-- The Company is still in the development stage and has not generated any revenues. From inception through June 30, 2005, it has incurred net losses and negative cash flows from operating activities of $10,993,000 and $9,704,000 respectively. Management believes that the Company will continue to incur net losses and cash flow deficiencies from operating activities for the foreseeable future. Because it may take years to develop, test and obtain regulatory approval for a gene-based therapy product before it can be sold, the Company likely will continue to incur significant losses for the foreseeable future. Accordingly, it may never be profitable and, if it does become profitable, it may be unable to sustain profitability.
-- The ongoing Phase I clinical trial for treatment of Parkinson's disease using the Company's NLX technology is not complete, and the results will require analysis. If the trial proves unsuccessful, future operations and the potential for profitability will be significantly adversely affected and the business may not succeed.
-- Since the Company's existing resources will not be sufficient to enable the Company to obtain the regulatory approvals necessary to commercialize its current or future product candidates, it will need to raise additional funds through public or private equity offerings, debt financings or additional corporate collaboration and licensing arrangements. Availability of financing depends upon a number of factors beyond the Company's control, including market conditions and interest rates. The Company does not know whether additional financing will be available when needed, or if available, will be on acceptable or favorable terms to it or its stockholders.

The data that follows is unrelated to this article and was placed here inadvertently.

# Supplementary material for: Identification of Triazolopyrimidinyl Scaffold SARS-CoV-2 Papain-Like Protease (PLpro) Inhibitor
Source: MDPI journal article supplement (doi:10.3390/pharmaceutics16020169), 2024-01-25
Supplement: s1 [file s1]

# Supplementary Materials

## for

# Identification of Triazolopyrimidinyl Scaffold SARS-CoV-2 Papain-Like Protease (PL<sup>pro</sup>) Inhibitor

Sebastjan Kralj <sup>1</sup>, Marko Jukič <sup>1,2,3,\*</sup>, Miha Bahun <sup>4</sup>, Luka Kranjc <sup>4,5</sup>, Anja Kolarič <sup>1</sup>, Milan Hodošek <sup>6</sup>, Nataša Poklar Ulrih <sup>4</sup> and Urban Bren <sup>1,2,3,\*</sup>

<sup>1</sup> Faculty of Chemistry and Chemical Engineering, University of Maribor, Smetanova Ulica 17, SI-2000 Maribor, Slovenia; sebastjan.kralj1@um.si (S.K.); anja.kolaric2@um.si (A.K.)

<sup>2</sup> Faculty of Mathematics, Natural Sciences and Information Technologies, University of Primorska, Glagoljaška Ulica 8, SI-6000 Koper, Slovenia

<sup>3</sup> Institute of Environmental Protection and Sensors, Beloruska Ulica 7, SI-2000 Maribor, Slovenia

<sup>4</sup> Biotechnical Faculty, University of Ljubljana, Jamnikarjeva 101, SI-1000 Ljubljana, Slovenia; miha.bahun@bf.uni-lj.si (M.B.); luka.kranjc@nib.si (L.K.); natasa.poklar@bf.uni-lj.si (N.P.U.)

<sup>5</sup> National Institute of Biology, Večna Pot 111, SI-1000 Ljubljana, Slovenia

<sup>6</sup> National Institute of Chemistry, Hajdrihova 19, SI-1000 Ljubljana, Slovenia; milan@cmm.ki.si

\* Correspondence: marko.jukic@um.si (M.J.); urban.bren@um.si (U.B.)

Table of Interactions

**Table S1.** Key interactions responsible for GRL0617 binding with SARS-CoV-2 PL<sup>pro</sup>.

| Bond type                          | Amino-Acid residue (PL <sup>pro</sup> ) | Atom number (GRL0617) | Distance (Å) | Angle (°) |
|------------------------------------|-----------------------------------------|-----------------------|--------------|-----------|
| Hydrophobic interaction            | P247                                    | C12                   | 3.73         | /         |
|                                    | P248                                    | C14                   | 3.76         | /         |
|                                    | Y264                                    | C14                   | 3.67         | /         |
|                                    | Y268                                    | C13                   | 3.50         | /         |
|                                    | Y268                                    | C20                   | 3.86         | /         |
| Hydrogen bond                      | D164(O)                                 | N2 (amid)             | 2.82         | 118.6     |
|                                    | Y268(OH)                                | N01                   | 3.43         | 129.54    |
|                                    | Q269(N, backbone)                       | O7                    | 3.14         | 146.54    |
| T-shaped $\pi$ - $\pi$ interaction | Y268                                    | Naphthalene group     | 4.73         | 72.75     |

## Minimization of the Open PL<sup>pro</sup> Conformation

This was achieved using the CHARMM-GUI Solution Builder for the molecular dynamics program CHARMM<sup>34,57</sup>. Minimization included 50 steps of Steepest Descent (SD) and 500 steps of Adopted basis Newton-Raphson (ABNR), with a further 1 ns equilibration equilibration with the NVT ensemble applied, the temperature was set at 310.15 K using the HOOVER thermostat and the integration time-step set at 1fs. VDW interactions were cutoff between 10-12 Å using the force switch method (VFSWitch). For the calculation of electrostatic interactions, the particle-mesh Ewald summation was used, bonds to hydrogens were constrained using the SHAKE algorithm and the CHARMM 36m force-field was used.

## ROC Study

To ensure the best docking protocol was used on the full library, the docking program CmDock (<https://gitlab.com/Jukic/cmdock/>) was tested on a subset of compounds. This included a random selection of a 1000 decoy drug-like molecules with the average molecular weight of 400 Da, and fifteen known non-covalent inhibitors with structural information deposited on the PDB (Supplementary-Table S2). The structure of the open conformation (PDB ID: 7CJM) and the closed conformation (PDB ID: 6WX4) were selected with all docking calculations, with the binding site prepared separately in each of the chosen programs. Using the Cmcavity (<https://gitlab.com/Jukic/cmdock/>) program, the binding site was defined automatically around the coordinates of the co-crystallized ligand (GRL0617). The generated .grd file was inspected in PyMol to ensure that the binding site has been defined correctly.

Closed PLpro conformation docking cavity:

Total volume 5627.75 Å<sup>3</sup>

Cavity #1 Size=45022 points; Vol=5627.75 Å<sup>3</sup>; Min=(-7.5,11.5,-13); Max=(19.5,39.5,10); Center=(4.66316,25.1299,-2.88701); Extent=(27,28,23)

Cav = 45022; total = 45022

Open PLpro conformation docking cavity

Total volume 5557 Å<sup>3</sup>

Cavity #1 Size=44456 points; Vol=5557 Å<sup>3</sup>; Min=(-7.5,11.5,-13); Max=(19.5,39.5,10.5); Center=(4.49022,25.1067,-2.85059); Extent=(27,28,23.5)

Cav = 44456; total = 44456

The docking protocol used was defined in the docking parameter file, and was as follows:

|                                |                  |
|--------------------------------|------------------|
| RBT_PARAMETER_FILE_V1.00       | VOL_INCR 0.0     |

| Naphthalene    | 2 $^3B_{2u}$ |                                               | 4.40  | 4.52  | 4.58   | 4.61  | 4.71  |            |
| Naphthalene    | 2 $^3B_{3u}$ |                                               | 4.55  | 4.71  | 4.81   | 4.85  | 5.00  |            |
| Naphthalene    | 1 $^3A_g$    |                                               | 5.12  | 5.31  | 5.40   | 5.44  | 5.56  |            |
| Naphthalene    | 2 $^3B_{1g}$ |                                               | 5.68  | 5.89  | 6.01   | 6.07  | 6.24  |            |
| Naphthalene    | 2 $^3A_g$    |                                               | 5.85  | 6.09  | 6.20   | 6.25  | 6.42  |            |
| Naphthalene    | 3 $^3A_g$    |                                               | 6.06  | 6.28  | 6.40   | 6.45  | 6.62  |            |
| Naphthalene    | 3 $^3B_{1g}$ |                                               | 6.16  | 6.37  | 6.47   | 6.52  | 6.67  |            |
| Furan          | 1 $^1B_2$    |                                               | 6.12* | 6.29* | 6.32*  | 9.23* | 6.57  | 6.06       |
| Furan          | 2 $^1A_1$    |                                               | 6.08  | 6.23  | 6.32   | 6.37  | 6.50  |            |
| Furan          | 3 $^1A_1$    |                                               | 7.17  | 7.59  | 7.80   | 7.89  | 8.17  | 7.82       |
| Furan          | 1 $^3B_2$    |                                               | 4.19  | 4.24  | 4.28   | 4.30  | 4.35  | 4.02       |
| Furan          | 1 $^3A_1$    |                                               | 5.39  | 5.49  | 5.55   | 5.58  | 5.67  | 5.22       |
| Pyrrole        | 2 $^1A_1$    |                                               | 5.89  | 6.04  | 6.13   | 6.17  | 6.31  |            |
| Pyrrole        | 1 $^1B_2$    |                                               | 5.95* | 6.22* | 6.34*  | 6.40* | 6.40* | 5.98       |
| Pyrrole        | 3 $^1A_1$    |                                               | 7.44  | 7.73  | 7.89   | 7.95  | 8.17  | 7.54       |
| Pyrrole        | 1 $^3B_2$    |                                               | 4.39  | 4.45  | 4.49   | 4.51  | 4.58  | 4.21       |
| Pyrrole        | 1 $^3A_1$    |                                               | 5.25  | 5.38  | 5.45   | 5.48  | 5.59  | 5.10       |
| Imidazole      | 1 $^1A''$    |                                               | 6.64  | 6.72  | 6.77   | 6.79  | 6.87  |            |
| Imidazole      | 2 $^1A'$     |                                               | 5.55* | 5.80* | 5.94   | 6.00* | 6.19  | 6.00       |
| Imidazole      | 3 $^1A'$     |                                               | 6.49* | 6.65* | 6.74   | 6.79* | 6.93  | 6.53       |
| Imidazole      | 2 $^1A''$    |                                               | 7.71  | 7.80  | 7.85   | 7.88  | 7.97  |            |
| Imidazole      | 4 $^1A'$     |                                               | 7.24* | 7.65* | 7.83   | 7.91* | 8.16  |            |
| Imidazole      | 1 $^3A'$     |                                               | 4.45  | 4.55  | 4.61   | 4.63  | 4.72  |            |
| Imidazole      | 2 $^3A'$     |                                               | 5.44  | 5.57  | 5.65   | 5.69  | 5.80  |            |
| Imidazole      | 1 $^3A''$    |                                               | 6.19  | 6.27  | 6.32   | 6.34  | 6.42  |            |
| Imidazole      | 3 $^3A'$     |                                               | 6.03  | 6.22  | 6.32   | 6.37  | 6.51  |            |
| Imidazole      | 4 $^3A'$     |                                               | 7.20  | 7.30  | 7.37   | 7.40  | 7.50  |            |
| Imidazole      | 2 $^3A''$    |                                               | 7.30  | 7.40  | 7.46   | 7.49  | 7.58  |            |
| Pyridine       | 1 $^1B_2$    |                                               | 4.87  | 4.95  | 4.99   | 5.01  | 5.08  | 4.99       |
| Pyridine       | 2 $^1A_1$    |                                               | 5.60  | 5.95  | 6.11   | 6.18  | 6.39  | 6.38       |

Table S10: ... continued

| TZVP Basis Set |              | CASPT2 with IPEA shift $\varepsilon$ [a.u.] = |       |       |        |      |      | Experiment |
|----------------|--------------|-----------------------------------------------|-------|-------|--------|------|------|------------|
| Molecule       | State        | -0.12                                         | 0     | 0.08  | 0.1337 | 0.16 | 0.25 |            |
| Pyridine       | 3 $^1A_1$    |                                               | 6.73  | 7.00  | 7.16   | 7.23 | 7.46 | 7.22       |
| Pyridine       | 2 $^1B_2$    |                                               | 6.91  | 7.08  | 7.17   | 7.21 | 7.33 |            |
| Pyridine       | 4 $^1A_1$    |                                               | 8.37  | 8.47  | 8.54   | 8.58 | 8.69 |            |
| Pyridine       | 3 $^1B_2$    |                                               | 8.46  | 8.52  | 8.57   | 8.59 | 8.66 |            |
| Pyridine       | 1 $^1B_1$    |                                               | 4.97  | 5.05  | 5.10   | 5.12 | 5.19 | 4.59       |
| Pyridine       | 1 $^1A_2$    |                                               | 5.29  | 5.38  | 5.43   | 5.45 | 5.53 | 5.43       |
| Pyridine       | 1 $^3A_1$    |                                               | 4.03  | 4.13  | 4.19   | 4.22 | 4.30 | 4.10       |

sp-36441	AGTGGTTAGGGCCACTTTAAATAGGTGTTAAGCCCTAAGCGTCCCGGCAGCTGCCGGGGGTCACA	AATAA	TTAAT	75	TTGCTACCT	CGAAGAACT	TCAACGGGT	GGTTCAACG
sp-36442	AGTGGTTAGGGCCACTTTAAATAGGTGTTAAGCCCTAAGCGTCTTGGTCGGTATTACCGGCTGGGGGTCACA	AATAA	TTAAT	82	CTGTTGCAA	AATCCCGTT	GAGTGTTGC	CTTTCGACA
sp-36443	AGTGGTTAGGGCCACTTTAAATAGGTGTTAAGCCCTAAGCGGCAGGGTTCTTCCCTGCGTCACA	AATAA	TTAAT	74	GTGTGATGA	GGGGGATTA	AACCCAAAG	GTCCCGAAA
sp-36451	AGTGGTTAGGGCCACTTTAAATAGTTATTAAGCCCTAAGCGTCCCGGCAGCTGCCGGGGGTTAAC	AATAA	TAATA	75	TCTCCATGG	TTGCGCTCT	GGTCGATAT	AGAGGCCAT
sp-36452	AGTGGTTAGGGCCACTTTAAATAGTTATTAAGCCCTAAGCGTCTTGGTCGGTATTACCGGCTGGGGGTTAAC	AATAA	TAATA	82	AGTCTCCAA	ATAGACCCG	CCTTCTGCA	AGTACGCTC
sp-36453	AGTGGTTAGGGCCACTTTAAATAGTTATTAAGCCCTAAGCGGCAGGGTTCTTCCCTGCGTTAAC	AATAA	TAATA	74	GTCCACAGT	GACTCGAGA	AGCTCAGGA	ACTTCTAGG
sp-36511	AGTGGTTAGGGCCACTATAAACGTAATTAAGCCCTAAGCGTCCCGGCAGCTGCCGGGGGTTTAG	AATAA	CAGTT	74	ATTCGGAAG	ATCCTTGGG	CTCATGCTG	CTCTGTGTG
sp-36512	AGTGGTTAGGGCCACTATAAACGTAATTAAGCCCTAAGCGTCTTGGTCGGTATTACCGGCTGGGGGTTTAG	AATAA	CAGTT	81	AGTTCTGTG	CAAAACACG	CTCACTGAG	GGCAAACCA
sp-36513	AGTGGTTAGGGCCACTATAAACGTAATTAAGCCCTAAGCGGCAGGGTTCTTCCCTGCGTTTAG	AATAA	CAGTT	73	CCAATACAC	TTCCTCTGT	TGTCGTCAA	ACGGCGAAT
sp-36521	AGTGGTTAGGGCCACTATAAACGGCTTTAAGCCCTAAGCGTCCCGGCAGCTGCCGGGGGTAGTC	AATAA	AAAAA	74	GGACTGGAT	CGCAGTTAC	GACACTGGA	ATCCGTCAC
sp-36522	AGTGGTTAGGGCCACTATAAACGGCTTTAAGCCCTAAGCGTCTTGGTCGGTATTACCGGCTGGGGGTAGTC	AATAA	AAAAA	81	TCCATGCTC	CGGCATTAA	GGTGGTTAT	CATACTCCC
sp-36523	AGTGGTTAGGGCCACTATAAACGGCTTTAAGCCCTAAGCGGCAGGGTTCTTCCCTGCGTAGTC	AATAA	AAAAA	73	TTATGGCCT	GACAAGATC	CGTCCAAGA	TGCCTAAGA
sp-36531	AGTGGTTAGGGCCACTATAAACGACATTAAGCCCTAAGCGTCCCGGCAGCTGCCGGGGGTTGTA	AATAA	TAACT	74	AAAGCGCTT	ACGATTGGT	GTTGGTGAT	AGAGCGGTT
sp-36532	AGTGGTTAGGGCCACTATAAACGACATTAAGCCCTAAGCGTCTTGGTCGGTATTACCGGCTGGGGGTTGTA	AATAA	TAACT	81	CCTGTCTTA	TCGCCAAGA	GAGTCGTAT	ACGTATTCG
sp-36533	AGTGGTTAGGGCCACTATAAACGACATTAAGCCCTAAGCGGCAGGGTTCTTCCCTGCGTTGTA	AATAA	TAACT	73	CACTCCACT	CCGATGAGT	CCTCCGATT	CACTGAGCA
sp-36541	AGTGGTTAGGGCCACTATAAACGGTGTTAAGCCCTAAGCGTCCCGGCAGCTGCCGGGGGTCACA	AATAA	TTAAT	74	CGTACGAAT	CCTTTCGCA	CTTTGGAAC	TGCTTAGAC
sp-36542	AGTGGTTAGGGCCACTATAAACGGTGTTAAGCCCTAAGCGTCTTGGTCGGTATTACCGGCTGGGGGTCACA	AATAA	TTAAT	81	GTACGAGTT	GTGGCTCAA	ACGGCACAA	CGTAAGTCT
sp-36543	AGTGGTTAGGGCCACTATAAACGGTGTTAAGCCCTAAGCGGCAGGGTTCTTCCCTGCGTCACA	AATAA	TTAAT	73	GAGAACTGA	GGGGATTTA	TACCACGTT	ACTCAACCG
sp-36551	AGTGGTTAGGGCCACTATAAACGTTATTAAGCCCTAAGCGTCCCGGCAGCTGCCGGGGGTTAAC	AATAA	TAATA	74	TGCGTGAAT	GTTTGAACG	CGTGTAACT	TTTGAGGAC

-- There is no assurance as to when, or if, the Company will be able to successfully complete the required preclinical testing of its gene therapy for the treatment of epilepsy to enable it to file an Investigational New Drug Application with the FDA for permission to begin a Phase I safety trial or that, if filed, such permission will be granted.
Other factors and assumptions not identified above could also cause the actual results to differ materially from those set forth in the forward-looking statements. Additional information regarding factors that could cause results to differ materially from management's expectations is found in the section entitled "Risk Factors" in the Company's 2004 Annual Report on Form 10-KSB. Although the Company believes these assumptions are reasonable, no assurance can be given that they will prove correct.
Accordingly, you should not rely upon forward-looking statements as a prediction of actual results. Further, the Company undertakes no obligation to update forward-looking statements after the date they are made or to conform the statements to actual results or changes in the Company's expectations.